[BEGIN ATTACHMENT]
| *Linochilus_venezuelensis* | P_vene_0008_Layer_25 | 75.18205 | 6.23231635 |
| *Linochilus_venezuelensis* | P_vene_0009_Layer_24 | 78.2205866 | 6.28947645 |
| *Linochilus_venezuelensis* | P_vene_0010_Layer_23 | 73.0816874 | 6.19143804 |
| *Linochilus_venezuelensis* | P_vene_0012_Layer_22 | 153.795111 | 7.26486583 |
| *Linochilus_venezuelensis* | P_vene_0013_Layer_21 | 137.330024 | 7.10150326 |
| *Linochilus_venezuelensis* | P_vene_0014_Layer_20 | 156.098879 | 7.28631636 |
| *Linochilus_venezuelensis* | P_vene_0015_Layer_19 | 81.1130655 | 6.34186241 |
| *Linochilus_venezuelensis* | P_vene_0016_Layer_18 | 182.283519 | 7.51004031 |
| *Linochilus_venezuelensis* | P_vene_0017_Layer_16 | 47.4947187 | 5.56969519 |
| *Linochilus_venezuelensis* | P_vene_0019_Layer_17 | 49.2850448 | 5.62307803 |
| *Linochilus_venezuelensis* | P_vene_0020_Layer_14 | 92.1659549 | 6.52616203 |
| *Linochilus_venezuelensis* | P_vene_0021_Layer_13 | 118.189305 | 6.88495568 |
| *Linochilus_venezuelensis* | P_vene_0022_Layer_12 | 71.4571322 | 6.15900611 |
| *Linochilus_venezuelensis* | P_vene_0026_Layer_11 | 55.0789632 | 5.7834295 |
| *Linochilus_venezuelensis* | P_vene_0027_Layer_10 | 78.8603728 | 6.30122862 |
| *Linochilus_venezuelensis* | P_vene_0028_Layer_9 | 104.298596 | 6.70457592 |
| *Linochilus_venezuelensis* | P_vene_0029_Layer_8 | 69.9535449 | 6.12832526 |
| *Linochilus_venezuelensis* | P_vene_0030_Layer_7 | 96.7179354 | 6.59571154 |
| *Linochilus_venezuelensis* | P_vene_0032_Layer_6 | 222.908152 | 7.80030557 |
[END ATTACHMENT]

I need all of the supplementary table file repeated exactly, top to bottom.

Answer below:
| *Linochilus_venezuelensis* | P_vene_0008_Layer_25 | 75.18205 | 6.23231635 |
| *Linochilus_venezuelensis* | P_vene_0009_Layer_24 | 78.2205866 | 6.28947645 |
| *Linochilus_venezuelensis* | P_vene_0010_Layer_23 | 73.0816874 | 6.19143804 |
| *Linochilus_venezuelensis* | P_vene_0012_Layer_22 | 153.795111 | 7.26486583 |
| *Linochilus_venezuelensis* | P_vene_0013_Layer_21 | 137.330024 | 7.10150326 |
| *Linochilus_venezuelensis* | P_vene_0014_Layer_20 | 156.098879 | 7.28631636 |
| *Linochilus_venezuelensis* | P_vene_0015_Layer_19 | 81.1130655 | 6.34186241 |
| *Linochilus_venezuelensis* | P_vene_0016_Layer_18 | 182.283519 | 7.51004031 |
| *Linochilus_venezuelensis* | P_vene_0017_Layer_16 | 47.4947187 | 5.56969519 |
| *Linochilus_venezuelensis* | P_vene_0019_Layer_17 | 49.2850448 | 5.62307803 |
| *Linochilus_venezuelensis* | P_vene_0020_Layer_14 | 92.1659549 | 6.52616203 |
| *Linochilus_venezuelensis* | P_vene_0021_Layer_13 | 118.189305 | 6.88495568 |
| *Linochilus_venezuelensis* | P_vene_0022_Layer_12 | 71.4571322 | 6.15900611 |
| *Linochilus_venezuelensis* | P_vene_0026_Layer_11 | 55.0789632 | 5.7834295 |
| *Linochilus_venezuelensis* | P_vene_0027_Layer_10 | 78.8603728 | 6.30122862 |
| *Linochilus_venezuelensis* | P_vene_0028_Layer_9 | 104.298596 | 6.70457592 |
| *Linochilus_venezuelensis* | P_vene_0029_Layer_8 | 69.9535449 | 6.12832526 |
| *Linochilus_venezuelensis* | P_vene_0030_Layer_7 | 96.7179354 | 6.59571154 |
| *Linochilus_venezuelensis* | P_vene_0032_Layer_6 | 222.908152 | 7.80030557 |